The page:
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A function generator is a specific form of signal generator that is able to generate waveforms with common shapes. Unlike RF generators and some others that only create sine waves, the function generator is able to create repetitive waveforms with a number of common shapes.
In particular it can be made to become a sine wave generator, square wave generator, and triangular wave generator.
Also a function generator may be able to vary the characteristics of the waveforms, changing the length of the pulse, i.e. the mark space ratio, or the ramps of the different edges of triangular or sawtooth waveforms, but it is only be able to create the waveforms that are built in to the function generator. It cannot be programmed to create additional waveforms - an arbitrary waveform generator, AWG is required for this.
Apart from just generating the waveforms themselves, this type of test instrument has the capability to add a DC offset to the signal. This can be very useful in a number of testing applications.
Typically function generators are only able to operate at relatively low frequencies, some only operating to frequencies of around 100kHz, although more costly test instruments can operate at higher frequencies, up to 20 or 30MHz.
Function generator capabilities
Function generators are capable of producing a variety of repetitive waveforms, generally from the list below:
These are the basic waveforms that are produced within a function generator test instrument. These waveforms satisfy most of the needs for testing a number of items. Where specialised waveforms are required, then an arbitrary waveform generator is required.
Function generator controls
In addition to a selection of the basic waveforms that are available, other controls on the function generator may include:
- Frequency: As would be expected, this control alters the basic frequency at which the waveform repeats. It is independent of the waveform type.
- Waveform type : This enables the different basic waveform types to be selected:
- Sine wave
- Square wave
- Triangular wave
- DC offset: This alters the average voltage of a signal relative to 0V or ground.
- Duty cycle: This control on the function generator changes the ratio of high voltage to low voltage time in a square wave signal, i.e. changing the waveform from a square wave with a 1:1 duty cycle to a pulse waveform, or a triangular waveform with equal rise and fall times to a sawtooth.
Function generator usage
Function generators are normally used within electronics development, manufacturing test and service departments. They provide a flexible form of waveform generation that can be used in many tests.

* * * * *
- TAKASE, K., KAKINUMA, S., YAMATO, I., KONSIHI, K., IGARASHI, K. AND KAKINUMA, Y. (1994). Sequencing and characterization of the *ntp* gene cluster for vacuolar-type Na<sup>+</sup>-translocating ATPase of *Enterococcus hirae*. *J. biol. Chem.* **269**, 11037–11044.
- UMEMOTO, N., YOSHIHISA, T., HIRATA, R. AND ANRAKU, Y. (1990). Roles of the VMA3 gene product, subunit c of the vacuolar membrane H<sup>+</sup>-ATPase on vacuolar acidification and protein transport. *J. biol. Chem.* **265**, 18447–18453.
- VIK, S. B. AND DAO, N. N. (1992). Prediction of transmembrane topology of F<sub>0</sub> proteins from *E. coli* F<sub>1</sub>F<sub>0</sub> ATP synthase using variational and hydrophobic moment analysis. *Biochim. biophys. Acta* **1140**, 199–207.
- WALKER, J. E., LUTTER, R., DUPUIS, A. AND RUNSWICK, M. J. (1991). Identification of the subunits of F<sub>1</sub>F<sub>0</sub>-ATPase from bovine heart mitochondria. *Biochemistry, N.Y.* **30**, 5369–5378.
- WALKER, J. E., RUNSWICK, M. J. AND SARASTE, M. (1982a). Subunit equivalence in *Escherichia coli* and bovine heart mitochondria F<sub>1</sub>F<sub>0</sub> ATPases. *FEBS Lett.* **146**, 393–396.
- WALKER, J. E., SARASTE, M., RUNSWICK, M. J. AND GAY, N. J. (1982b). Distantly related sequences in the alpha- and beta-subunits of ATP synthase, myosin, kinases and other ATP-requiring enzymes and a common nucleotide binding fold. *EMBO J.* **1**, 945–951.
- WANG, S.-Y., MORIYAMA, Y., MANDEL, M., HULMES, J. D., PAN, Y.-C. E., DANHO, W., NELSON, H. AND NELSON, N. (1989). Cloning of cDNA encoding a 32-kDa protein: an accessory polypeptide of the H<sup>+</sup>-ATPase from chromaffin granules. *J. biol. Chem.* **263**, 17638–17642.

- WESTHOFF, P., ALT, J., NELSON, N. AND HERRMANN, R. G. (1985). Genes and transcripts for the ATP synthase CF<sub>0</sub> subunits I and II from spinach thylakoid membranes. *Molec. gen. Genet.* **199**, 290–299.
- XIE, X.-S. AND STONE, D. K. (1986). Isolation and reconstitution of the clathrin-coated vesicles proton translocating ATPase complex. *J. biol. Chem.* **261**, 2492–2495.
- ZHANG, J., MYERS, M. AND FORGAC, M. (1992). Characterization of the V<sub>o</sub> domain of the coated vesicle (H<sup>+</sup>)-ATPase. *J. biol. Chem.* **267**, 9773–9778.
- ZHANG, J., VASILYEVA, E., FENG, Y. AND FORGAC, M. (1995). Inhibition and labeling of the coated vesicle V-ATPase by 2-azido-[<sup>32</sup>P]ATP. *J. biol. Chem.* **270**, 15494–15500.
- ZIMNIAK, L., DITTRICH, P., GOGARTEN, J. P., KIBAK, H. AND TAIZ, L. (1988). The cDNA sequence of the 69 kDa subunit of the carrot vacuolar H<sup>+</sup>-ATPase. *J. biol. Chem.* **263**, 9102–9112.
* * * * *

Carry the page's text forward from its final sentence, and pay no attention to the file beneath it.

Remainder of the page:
These test instruments are very flexible and not thought of as specialist instruments. Although they can often generate signals into the low end of the RF spectrum, normally a specific RF generator would be used, unless none were available.
Also they are generally not used for performance audio testing as the levels of distortion on the sine aves that would normally be used would have higher levels of distortion than these tests sometimes require. A typical figure for the sine wave distortion might be about 1%.
If very high frequency stability is required, ten some of these test instruments allow for the output signal to be phase locked to another source.
Types of function generator
There are several forms that the function generator can take. With modern digital technology there are many formats for this type of test equipment.
- Bench top test instrument: The most widely used form of function generator in the test laboratory is the test instrument contained within a box that sits on the laboratory bench. This test instrument contains the power supply, controls, display and of course the output connector.
- Rack based test instrument: Another format that this type of test equipment can take is a module within a rack system like PXI. Based on PCI, the PXI rack system has been developed specifically for test applications and includes a slot for either a controller or link to a computer. Test instrument cards slot into the chassis, enabling a test system to be created to meet the needs of the particular test application required. The test instrument cards can include any type of test instrument including volt meters, oscilloscopes, and of course a function generator
- USB function generator: A number of small function generators are available as USB based test instruments. They contain the core oft he function generator within the module that connects to a computer via a USB connection. This approach means that the power and control interfaces can use the PC rather than having the expense and space required to provide these within a larger box for the test instrument.
- Computer based function generator: A different approach is to use software based within a computer to provide the required waveforms and then use a digital card of the computer's audio output for the signal. Whilst very cheap, this may not have the output capability and accuracy of other types of test instrument. Also if the output is damaged as a result of the testing and a possible misconnection, etc it can result in costly repairs.
Function generators are normally very easy to operate. With modern processing technology often included this gives the possibility of many additional features including ease of operation, and remote control via one or more of the many standards available.
A good variety of function generators are available for a number of different manufacturers and also via a number of different distributors. Costs are usually quite reasonable as they are normally quite straightforward and do not require very high frequency components. These test instruments can be either analogue or digital. Analogue ones tend to use operational amplifiers as the basis of the design, but digital ones can use some form of direct digital synthesis.